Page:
Over the past 10 years, there has been an increasing focus on workplace wellness. Programs popped up all over the world that were designed to help workers stop smoking, lose weight, and exercise in some fashion. These were great steps, but many of them failed to become part of the ongoing culture.
It is unreasonable to think that every organization can establish a culture like Nike’s culture. Their entire facility design and structure supports and provides the opportunity for consistent, healthy behavior. It is also reinforced by the innovations they bring to the marketplace. However, opportunities exist for any company to transform their organization into a culture of health and wellness.
First and foremost, believe the numbers, because they don’t lie. There is a cost and if you don’t get a handle on it, it will choke out your profit margins. What do we know? In 2011, The Gallup Healthways Wellbeing Index estimated that the cost of lost productivity from unhealthy employees exceeded 150 billion dollars. When factoring in treatment, wage replacement, and insurance cost, the cost now exceeds $500 billion annually, according the Integrated Benefits Institute.
Your teams include individuals with different attitudes, beliefs, experiences, perspectives, abilities, qualities, and talents. These are acquired with the employees when you hire each one of them. Your culture is the environment that nurtures their behaviors. However, company culture is something that you have the ability to establish and change, which can impact the psychology and behavior of employees. What typically motivates companies to change culture is performance, productivity, and profit. When management understands the improvement to the bottom-line, they are more prone to act.
Get Strategic and Change Your Culture
Although changing the culture is not easy, it is something that can be under the control of the management. Change the culture must be a part of your overall strategy. To achieve a culture of wellness, the first step requires defining what specific goals you want to accomplish. You will need to define and describe what your healthy culture will be like. How will changing to a culture of wellness affect productivity, performance, and cost? You should include in your cost model the financial impact of medical care, disability, illness, absenteeism, treatment, workers’ compensation, health claims, health insurance cost, and turnover rate.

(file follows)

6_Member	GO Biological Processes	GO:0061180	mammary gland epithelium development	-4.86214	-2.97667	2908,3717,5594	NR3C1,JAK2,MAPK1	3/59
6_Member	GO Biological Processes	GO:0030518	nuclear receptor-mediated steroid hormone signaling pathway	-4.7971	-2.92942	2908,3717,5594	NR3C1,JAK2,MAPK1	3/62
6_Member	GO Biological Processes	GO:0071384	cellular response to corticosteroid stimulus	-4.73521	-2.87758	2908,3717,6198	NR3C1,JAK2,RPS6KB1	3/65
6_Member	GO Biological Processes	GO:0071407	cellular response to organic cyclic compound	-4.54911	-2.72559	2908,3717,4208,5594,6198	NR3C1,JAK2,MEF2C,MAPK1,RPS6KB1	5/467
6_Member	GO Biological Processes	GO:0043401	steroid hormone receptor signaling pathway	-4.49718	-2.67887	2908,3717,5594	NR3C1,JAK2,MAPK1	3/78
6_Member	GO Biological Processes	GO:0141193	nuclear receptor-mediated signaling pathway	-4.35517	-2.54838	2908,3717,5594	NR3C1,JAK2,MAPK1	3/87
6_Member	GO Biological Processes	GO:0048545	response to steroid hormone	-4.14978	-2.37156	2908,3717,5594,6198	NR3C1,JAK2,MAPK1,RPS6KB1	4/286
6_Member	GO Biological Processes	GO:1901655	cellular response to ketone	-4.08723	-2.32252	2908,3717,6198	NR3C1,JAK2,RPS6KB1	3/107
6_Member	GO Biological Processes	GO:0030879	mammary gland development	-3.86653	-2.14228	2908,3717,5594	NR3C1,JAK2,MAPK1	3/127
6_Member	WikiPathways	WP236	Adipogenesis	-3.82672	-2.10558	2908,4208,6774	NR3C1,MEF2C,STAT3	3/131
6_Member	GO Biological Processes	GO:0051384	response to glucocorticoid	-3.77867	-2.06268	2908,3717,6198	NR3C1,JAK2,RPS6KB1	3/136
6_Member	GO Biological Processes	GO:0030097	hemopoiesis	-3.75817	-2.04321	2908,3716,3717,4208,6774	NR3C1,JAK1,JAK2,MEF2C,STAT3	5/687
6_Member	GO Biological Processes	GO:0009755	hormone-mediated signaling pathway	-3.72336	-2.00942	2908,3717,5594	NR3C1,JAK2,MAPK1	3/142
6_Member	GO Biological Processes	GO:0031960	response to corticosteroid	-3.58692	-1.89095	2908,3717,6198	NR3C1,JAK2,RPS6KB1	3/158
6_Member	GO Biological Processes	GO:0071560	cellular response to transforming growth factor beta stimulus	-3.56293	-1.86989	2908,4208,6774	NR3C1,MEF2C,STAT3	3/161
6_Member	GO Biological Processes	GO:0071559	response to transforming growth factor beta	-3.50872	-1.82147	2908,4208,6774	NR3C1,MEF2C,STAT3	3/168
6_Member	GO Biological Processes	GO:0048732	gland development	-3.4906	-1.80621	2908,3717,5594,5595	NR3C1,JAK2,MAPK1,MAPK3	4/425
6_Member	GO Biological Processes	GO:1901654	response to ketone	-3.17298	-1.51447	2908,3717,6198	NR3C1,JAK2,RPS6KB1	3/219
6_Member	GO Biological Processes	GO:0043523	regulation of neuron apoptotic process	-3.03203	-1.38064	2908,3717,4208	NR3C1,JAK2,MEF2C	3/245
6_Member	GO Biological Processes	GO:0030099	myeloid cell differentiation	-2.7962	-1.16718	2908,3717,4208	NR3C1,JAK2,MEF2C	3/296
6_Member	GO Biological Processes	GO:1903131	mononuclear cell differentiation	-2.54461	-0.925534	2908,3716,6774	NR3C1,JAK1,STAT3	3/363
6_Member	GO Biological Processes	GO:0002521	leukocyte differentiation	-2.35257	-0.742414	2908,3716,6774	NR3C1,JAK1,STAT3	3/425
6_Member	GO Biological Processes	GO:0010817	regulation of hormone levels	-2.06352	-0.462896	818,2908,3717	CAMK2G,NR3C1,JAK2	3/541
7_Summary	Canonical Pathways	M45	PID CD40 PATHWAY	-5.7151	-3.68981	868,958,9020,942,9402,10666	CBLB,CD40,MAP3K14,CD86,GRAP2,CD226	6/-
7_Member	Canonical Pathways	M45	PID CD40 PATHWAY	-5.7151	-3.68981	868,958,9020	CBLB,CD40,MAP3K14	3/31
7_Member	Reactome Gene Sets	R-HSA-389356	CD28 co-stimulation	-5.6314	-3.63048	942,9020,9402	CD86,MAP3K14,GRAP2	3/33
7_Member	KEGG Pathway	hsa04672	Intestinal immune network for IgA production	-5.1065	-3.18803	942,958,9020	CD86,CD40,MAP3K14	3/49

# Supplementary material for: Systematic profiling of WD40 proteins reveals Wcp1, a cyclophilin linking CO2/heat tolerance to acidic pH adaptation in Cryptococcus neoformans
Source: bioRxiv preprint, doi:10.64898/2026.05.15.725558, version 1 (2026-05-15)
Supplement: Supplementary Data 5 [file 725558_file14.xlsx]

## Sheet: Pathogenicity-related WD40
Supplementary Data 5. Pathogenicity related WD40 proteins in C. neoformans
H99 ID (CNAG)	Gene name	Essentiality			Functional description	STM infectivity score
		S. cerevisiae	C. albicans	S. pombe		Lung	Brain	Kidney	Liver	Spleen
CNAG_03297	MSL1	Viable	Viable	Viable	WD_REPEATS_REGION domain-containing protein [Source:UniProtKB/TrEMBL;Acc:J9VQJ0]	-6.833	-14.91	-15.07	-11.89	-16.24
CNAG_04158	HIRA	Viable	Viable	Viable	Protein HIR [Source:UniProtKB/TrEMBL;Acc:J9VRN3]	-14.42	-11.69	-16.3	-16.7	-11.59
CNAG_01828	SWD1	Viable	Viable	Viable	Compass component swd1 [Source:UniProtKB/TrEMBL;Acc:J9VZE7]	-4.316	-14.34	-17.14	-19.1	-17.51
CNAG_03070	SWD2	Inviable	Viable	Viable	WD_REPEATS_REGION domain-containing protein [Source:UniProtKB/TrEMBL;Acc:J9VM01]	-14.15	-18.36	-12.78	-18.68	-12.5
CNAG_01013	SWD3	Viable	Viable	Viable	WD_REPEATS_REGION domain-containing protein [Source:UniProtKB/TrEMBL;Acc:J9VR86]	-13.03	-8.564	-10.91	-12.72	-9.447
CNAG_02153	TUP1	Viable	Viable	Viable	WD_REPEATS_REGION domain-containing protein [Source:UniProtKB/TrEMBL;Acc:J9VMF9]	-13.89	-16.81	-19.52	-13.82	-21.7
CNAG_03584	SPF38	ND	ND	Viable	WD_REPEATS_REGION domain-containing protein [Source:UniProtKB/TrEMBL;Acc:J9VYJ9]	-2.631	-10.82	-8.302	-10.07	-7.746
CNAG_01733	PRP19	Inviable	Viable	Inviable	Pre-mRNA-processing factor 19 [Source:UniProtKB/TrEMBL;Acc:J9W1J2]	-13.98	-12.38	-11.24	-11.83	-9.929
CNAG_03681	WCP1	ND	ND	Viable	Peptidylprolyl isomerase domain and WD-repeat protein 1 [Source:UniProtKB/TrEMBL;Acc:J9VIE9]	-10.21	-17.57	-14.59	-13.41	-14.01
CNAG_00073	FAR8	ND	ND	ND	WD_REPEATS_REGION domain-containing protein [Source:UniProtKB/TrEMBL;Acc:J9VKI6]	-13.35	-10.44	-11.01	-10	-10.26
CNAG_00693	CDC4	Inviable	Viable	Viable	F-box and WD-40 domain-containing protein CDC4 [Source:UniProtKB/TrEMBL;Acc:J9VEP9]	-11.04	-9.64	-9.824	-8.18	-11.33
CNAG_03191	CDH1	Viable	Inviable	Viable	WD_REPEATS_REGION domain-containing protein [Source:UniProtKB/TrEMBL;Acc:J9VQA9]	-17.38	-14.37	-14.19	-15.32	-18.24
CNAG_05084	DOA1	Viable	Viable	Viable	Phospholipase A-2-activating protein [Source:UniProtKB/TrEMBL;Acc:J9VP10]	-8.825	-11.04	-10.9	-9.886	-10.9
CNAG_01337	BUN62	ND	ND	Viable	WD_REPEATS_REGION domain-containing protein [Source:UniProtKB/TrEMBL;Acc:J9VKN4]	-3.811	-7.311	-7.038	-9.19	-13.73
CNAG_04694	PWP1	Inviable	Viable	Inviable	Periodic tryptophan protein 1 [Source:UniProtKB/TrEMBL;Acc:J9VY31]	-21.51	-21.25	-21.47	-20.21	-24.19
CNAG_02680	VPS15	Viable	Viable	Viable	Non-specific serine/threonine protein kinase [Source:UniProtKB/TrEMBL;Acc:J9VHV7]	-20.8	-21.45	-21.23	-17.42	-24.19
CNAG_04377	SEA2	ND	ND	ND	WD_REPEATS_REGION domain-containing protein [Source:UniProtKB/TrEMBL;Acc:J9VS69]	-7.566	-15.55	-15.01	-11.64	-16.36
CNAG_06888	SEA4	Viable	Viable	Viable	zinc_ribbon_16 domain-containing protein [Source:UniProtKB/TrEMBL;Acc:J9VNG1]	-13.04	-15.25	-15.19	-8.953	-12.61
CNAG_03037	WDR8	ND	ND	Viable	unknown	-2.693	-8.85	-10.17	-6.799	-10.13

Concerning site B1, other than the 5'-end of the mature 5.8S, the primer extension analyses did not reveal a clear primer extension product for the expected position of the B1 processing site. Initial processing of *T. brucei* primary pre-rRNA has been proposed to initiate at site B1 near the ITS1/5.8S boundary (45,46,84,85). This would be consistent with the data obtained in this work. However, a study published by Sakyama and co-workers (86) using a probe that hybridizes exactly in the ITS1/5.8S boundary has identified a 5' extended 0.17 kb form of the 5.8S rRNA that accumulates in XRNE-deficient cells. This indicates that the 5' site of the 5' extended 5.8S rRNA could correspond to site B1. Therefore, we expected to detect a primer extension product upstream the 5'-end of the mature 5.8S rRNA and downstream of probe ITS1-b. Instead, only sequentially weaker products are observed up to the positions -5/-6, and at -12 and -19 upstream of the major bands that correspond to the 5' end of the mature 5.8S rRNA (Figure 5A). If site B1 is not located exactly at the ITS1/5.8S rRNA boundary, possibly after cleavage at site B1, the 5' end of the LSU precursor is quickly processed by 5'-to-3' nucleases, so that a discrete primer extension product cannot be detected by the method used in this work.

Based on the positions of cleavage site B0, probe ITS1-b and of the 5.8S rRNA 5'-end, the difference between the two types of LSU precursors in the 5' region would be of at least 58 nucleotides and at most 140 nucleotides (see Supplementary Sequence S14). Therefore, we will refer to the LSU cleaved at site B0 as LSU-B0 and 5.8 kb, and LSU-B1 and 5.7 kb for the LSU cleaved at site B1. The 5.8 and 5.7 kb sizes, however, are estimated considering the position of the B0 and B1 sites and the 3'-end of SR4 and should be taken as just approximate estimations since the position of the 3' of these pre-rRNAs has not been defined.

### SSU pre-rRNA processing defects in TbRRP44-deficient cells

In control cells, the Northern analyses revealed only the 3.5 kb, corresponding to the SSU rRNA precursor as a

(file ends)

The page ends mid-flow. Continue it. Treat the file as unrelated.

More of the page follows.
Another cost to consider is presenteeism, which can be linked to higher stress. Presenteeism is the time employees are at work, but not into their work. They may lack focus because they aren’t feeling up to par and/or because they are stressed. Increased stress can be caused by a contaminated culture and by personal issues related to health. If the stress is sustained, it can lead to more accidents. Some costs are fairly easy to calculate, but when it comes to cost related to insurance, you will need to capture your current cost and review past trends of increases from the previous 3-5 years. You can at least expect the same relative increases over the next 3-5 years. Many leaders just accept this as the status quo, but others believe this is something they can begin to control and work to get ahead these costs.
This leads to the next step, which is engagement. Many organizations recognize they have an issue, but their approach is to implement a wellness program as the fix. Wellness program in itself will not fix the issue because engagement is critical to the process. To engage your employees into the healthy culture, you have to get employees involved in the process and share the impact of an unhealthy culture and its personal/economic impact on the organization. Bring to light the best practices of organizations that have transformed their culture to a culture of wellness. Your employees must be a part of the solution, which requires constant education. Seek out unique wellness programs with proven track records, which focus on developing a culture of health as part of your solution. Most importantly, establish specific goals and measure all areas of impact.
Robert Van Arlen